However, even though we love them, look after them, celebrate their birthdays and mourn them once they pass, can it be moral to help keep pets in the first location.
The establishment of pet-keeping is basically unjust since it includes the manipulation of animals’ bodies, behaviors and psychological lives. For centuries, companion animal’s bodies (especially horses, dogs and rabbits) are formed to match human styles and fancies. And this frequently causes these critters considerable physical injury.
Particular breeds, for example, are highly prone to debilitating and often deadly genetic defects. Highly prized physical attributes like small and large height or pushed-in burnout may lead to distress and difficulty in breathing, birthing and other ordinary functions.
Even those critters that aren’t purpose-bred frequently face bodily manipulations that impede their comfort and security. This may consist of limiting clothes, debilitating leashes that tug in the throat, docked ears and tails, and declawing, which involves the severing of the initial digit of every toe in cats.
Pets are also frequently restricted in their everyday movements, occasionally crated or caged, and frequently kept inside always at the whim of the individual owners.
Pets also symbolically reinforce the idea that vulnerable groups could be owned and completely controlled for the enjoyment and advantage of privileged and powerful groups. And this has consequences for vulnerable individual groups.
For example, sexism is partly preserved by treating girls linguistically as pets kitty, rabbit and by confining them to the house to and serve the family patriarch. The concept it is okay to control the minds and bodies of a vulnerable set to match the interests of privileged groups is in accordance with the cultural sense of oppression.
During this forced dependence and domestication, the lives of companion animals are nearly completely controlled by people.
They may be terminated at any time for the most trivial of reasons such as behavioural issues, for belonging to some stereotyped strain, or the operator’s inability (or unwillingness) to cover veterinary treatment.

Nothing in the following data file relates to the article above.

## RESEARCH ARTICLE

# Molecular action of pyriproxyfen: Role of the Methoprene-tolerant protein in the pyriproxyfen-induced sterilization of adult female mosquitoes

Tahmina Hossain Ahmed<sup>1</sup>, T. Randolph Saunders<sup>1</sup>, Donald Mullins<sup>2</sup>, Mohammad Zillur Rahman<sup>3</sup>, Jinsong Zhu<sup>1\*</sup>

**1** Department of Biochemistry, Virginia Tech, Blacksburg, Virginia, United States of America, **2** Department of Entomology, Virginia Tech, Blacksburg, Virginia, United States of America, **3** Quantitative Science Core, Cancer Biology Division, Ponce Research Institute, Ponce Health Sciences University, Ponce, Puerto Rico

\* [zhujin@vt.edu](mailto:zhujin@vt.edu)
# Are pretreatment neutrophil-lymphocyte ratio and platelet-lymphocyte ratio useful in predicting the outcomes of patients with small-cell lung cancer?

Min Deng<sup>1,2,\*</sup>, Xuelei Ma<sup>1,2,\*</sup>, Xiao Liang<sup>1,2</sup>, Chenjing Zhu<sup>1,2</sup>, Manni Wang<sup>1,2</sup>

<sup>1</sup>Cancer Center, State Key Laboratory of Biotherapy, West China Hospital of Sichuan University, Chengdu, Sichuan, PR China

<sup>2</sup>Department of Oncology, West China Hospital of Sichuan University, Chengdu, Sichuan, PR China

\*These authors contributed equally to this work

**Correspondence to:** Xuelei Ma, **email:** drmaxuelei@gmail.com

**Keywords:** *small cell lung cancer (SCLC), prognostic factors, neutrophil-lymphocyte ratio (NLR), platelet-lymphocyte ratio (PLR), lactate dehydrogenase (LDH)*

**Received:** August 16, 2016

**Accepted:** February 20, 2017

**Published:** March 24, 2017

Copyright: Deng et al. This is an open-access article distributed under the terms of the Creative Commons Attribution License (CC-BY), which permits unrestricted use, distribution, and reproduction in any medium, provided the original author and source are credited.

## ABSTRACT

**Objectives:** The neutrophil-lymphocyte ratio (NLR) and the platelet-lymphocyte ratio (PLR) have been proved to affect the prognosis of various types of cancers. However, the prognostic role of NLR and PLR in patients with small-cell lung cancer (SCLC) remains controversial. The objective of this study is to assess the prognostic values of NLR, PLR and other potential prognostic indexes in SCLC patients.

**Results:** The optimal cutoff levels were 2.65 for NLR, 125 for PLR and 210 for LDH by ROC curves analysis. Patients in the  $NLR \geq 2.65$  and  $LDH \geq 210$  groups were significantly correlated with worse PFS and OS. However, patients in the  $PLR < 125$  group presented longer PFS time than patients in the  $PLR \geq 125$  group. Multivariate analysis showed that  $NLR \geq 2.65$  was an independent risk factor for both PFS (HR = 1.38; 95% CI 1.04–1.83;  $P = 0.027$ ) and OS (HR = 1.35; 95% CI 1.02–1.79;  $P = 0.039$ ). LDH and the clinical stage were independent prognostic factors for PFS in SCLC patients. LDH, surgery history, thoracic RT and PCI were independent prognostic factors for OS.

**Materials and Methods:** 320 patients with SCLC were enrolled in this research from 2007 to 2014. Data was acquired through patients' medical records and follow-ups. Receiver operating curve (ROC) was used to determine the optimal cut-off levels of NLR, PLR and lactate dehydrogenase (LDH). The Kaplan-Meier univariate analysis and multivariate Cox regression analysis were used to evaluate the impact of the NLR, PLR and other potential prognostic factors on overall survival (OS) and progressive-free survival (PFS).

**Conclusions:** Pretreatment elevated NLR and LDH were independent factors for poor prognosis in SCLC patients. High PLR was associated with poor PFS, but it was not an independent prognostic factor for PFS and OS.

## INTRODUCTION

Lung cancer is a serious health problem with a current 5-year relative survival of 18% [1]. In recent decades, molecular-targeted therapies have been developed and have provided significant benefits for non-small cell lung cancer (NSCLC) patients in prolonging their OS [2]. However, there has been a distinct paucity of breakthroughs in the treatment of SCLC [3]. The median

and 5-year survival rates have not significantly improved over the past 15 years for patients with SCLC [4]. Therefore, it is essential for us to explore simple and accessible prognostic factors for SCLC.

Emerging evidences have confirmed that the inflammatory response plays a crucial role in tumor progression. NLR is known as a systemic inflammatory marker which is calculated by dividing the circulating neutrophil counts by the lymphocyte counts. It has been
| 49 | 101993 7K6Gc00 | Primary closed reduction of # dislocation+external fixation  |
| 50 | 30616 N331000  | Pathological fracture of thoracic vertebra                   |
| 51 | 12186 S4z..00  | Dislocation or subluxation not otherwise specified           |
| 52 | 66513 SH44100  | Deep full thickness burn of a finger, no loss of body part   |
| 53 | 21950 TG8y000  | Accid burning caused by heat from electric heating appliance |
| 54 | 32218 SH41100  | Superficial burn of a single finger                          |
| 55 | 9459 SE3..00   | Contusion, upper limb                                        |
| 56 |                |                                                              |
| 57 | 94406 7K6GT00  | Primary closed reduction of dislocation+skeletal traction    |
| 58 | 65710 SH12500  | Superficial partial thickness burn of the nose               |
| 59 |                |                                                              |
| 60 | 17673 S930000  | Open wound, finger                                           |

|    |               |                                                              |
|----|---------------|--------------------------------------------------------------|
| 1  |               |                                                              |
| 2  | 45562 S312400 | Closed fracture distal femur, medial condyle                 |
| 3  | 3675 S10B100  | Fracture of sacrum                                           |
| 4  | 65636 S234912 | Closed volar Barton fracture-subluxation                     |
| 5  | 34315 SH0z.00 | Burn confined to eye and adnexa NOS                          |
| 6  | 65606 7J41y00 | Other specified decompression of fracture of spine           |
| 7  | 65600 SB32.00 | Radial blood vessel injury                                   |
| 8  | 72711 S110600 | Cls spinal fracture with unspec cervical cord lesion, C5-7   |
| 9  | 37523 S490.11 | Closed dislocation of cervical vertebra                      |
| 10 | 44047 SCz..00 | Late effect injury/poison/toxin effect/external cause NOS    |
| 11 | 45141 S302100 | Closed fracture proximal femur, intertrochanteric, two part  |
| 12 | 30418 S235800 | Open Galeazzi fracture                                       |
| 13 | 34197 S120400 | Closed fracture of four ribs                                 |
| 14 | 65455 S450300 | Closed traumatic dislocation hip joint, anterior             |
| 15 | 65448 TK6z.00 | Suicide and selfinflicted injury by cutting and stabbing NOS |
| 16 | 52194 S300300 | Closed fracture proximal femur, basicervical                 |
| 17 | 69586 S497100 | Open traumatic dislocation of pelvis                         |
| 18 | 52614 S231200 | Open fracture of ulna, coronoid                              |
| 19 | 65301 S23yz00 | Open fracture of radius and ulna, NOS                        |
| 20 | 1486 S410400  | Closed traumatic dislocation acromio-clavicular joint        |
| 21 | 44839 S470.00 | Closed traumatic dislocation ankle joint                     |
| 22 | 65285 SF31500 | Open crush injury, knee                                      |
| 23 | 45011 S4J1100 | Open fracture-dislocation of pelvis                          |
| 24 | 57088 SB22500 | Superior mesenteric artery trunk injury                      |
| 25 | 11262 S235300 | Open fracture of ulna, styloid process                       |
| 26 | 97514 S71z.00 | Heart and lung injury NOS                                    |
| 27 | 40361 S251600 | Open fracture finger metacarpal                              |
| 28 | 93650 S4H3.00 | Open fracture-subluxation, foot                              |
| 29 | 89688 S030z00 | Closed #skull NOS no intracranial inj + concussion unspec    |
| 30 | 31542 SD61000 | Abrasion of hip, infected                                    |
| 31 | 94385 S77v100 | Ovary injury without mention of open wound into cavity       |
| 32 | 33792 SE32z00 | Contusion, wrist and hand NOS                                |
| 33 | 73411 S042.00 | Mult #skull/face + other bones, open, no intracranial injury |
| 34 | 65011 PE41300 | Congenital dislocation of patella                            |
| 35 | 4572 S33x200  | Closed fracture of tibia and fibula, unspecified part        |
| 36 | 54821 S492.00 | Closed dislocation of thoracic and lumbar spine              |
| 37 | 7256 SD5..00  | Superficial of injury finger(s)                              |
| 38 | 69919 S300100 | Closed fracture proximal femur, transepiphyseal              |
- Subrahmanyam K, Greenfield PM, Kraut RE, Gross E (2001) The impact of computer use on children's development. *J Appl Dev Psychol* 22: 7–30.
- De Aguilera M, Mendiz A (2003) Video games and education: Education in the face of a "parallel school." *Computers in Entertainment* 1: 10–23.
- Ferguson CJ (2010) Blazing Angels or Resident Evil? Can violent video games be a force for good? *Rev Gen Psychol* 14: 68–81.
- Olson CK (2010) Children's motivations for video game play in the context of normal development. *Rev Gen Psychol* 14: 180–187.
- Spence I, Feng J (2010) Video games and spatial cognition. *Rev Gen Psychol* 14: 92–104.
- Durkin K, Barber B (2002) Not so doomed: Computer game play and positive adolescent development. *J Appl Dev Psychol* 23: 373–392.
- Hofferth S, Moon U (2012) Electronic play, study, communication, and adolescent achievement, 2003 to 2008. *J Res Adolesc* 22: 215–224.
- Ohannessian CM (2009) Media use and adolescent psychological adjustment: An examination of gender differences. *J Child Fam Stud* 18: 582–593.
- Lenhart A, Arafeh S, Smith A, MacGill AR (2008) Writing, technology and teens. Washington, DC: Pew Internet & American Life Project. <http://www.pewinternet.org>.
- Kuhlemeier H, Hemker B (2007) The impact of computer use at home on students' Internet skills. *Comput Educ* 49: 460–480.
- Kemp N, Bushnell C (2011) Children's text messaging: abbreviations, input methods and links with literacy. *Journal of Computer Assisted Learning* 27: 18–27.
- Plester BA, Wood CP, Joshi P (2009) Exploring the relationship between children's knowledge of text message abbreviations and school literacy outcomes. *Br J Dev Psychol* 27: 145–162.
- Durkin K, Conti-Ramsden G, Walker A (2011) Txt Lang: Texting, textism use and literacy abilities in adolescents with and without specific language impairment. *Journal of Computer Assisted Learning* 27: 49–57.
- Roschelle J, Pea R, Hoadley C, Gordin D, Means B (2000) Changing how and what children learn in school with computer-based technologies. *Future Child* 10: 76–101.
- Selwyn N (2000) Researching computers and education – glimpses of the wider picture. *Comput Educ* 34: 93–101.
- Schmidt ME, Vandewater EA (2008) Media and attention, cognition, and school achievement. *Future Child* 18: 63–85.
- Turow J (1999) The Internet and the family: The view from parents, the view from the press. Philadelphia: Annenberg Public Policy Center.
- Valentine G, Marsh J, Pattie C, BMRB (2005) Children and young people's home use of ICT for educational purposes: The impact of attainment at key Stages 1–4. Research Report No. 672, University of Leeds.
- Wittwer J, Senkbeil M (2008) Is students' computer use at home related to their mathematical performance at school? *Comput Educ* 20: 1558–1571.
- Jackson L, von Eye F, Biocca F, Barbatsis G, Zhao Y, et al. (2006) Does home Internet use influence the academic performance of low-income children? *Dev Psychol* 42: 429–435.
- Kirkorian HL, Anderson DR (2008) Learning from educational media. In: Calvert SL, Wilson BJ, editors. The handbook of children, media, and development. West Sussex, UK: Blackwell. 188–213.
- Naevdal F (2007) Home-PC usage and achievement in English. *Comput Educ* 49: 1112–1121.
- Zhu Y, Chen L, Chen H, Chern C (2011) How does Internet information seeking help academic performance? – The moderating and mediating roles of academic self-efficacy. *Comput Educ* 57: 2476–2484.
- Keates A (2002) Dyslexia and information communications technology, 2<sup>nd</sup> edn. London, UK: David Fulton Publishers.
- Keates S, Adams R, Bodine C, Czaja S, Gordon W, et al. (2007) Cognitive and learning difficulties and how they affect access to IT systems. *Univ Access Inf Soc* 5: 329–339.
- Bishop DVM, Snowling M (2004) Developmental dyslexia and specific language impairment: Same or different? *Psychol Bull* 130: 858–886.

This sees people cut off from broader society under one jurisdiction in an enclosed societal area. Natural obstacles between societal spheres are eliminated and an extreme socialisation process happens to make sure that offenders conform.
Sociologists normally study prisons, asylums and other physiological spaces as illustrations. However, I think pet-keeping represents a kind of dispersed total institution. This is only because nonhuman creatures are forced under human ability, controlled, and re-socialised.
True consent isn’t possible under these circumstances. Animals are dressed to take part and people that cannot stick to the principles of human life are very likely to be penalized sometimes fatally.
This isn’t in any way to imply that dogs, cats and other species can’t express joy and love as pets. Nonetheless, it’s very important to recognise their complacency within the establishment of pet-keeping is completely manufactured (occasionally quite stern) by people through behavior corrections and the laborious procedure of domestication itself.
A World With No Pets?
Some company animal advocates, for example Nathan Winograd, the manager of the US established No Kill Advocacy Center, assert it to quit keeping pets entirely are a breach of nonhuman creatures’ right to exist.
Winograd considers the widespread killing of healthy companion animals can be modulated via a restructuring of their sheltering industry. He rejects the requirement to finish pet-keeping given the prosperity of humankind’s capacity for empathy and adoption.
However, when a no kill society were to be done, lots of the ethical offenses physiological manipulation, non-consensual confinement, enforced addiction, and vulnerability to human misuse could stay.
Finally, companion animals, by their own position at the social order, aren’t and can’t be equals. The establishment of pet-keeping keeps a social hierarchy that privileges people and places others as objects of reduced significance whose right to presence is dependent entirely on their capability to benefit people.
Nevertheless, the inhabitants of cats, dogs, cats and other domesticated pet animals now competitions that of people such that they’re very likely to remain a constant quality of human life.
And while it might not be moral to pursue the upcoming breeding of nonhuman creatures for comfort, people have a responsibility to serve, protect and care for these.